Sea Delight Fishery Improvement Project Associate (FIPA), Ms. Petronella “Mea” Padja has had a very busy year 2013 and is planning for an even more busy 2014.
Coordinating fishery data collection, joining community sustainability awareness workshops, testing new anti-IUU surveillance equipment in the Luwuk Banggai Bottomfish Fishery Improvement Project (FIP) as well as conducting best onboard tuna handling education in the Southeast Java Handline Tuna FIP just wasn’t enough to do for this hard-charging eco-warrior.
On Oct. 17, 2013, Ms. Mea joined the crew of a local tuna buyer’s collection vessel and traveled from Kupang to the remote Alor Island group and an emerging tuna fishery based in Kabir Village, Alor.
In the waters off Kabir she conducted trials on onboard biological data collection methods and took videos for a Sea Delight online video production. She also travelled aboard one of small tuna fishing skiffs and, much to the surprise of the captain, leapt overboard to record live video footage of yellowfin tuna on the line.
Much of the video footage Ms. Mea took was used for the Sea Delight online video presentation, “Sea Delight Responsible Fisheries at Alor Island Indonesia”. See the link below to view the entire video.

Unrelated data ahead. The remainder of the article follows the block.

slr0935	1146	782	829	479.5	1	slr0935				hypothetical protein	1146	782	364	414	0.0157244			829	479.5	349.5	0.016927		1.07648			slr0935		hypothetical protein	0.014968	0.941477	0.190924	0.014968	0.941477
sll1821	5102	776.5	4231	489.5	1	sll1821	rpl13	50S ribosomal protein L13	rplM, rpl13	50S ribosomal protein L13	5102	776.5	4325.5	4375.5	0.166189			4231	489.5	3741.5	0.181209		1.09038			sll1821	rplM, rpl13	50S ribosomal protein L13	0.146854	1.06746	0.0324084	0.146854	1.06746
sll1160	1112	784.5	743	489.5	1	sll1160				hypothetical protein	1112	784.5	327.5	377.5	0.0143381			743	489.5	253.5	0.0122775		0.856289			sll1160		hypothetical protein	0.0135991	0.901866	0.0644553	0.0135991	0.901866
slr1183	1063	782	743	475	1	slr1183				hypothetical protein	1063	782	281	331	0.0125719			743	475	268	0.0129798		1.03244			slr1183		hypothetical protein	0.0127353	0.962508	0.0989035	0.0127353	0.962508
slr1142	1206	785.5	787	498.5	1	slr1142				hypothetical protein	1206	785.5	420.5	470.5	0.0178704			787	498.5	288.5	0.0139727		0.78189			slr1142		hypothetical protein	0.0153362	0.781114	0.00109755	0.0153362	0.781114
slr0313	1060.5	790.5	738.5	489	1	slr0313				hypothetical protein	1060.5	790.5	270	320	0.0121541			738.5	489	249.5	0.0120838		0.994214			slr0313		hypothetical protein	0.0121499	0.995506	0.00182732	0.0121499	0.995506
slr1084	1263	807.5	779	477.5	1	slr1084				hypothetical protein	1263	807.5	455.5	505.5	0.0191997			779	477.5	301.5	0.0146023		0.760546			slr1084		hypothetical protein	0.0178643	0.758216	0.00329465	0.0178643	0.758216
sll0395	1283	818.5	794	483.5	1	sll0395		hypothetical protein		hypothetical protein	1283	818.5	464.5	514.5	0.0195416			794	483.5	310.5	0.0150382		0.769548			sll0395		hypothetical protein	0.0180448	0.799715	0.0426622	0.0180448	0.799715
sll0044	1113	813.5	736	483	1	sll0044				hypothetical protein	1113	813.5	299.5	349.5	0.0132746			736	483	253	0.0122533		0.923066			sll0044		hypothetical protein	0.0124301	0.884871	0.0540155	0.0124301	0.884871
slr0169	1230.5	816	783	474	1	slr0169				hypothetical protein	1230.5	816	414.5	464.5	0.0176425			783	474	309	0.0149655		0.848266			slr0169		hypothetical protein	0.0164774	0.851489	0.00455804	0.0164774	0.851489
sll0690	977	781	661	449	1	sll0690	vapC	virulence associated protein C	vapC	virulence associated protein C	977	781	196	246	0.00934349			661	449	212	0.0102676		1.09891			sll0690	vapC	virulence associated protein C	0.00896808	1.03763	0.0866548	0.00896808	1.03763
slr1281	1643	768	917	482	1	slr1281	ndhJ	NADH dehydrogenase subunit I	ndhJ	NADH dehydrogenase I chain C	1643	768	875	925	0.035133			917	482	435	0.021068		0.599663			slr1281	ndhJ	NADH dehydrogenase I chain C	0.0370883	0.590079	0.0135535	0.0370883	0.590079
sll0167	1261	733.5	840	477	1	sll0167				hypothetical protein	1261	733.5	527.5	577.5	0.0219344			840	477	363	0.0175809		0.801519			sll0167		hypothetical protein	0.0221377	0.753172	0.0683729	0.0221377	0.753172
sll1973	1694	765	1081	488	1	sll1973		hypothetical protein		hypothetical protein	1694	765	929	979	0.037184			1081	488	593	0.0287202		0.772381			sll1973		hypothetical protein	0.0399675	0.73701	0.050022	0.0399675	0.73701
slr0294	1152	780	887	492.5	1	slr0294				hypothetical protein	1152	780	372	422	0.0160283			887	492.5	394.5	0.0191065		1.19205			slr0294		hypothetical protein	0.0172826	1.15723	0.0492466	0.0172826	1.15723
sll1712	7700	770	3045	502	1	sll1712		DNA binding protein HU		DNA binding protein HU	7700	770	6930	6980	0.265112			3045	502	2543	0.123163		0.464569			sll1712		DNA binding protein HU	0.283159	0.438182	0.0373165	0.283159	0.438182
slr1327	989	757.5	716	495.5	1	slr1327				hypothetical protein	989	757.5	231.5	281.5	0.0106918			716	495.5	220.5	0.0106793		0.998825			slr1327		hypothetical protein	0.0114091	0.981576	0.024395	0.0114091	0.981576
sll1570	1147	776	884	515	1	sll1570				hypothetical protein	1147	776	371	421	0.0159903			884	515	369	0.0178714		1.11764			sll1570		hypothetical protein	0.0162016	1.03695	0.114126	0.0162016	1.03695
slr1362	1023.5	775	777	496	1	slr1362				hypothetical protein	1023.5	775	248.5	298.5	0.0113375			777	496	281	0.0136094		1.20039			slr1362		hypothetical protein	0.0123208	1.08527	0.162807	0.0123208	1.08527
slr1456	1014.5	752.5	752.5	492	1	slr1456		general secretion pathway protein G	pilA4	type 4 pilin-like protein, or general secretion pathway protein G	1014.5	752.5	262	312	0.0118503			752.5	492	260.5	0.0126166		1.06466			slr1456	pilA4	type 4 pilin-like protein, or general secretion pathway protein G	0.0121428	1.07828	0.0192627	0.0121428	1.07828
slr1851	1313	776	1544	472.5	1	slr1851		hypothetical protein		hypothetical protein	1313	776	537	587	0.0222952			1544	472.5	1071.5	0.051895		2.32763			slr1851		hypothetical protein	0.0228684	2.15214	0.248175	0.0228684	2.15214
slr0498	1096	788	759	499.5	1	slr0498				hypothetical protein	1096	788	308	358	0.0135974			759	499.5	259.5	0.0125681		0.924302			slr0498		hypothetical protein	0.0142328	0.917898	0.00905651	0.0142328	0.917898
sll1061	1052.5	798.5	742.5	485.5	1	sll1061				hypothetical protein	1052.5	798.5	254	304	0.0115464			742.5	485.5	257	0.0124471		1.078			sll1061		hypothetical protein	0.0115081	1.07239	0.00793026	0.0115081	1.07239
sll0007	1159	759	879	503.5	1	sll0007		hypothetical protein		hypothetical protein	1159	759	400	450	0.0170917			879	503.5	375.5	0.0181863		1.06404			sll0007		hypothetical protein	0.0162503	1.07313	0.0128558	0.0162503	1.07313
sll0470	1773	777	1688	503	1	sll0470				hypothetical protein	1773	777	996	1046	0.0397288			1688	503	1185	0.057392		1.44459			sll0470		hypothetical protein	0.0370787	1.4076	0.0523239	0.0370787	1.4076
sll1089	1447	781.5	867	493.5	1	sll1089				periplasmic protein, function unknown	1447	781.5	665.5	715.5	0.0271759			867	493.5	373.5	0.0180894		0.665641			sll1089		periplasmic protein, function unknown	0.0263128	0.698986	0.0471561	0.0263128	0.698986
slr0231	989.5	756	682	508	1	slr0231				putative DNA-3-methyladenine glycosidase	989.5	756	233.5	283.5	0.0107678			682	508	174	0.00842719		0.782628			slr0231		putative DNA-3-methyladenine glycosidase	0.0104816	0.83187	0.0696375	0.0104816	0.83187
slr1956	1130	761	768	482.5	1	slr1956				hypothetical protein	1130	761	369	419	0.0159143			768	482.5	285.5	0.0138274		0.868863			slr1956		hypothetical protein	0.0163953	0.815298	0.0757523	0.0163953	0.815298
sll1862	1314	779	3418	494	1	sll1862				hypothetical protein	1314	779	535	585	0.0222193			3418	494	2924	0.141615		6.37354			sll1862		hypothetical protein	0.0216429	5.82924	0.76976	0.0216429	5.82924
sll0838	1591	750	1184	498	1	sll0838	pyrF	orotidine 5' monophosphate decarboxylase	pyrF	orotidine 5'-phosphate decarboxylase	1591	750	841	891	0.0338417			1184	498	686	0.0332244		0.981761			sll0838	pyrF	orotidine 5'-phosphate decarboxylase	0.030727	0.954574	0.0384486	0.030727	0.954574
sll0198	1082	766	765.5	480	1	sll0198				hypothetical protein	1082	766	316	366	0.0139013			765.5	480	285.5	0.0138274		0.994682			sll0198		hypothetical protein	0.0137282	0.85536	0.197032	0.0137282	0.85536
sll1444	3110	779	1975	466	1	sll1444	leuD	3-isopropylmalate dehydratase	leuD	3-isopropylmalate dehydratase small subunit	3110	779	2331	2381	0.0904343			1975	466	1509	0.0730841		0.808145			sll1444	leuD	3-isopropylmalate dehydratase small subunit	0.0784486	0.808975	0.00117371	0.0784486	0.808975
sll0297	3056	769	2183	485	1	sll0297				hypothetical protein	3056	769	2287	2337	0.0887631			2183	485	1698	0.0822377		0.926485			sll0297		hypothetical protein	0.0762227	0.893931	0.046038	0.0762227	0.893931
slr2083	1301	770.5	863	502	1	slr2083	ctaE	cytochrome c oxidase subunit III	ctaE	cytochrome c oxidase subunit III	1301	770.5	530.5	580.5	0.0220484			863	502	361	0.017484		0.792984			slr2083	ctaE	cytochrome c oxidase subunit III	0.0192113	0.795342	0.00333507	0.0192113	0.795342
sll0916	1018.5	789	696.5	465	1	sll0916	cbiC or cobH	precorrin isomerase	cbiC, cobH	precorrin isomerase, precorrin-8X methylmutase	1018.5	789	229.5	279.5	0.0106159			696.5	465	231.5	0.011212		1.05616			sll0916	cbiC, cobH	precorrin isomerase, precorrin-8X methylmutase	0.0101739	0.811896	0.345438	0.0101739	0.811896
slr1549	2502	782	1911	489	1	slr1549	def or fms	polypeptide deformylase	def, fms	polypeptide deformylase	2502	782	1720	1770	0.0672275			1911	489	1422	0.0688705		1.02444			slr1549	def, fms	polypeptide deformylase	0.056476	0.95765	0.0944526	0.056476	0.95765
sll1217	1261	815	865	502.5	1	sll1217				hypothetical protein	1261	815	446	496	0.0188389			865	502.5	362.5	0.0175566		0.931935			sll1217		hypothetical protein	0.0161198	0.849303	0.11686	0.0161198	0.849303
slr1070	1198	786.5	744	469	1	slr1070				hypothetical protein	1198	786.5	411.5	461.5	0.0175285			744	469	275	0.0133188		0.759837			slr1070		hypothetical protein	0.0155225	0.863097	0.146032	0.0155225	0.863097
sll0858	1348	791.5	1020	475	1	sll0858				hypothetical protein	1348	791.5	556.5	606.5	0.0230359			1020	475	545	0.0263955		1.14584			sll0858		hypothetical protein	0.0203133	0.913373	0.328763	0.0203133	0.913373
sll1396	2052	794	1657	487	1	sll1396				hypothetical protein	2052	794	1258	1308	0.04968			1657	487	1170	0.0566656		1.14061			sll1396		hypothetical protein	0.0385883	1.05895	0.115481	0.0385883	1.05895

Ms. Mea also found time to travel to Makassar, South Sulawesi, to attend the Dec. 19 to 20 Reef Fish Management Workshop, Sponsored by the Indonesian Ministry of Marine Affairs and Fisheries and WWF Indonesia. There she represented Sea Delight by presenting a report on the Sea Delight Luwuk/Banggai FIP, including details of the 3 years of catch data collection already completed there.
2014 promises to be a busy year as well with many important milestones to meet in the updated Work Plans for both Indonesia FIPs (see link in Sea Delight Website Title?). It is almost certain Ms. Mea will be going overboard again in 2014. This time she will be conducting “reef check” surveys of the coral reefs of the Luwuk/Banggai fisheries. Part of the process includes a volunteer being towed behind a motorboat on a device called a “manta board” in order to observe the reef. You can bet our FIPA will be there.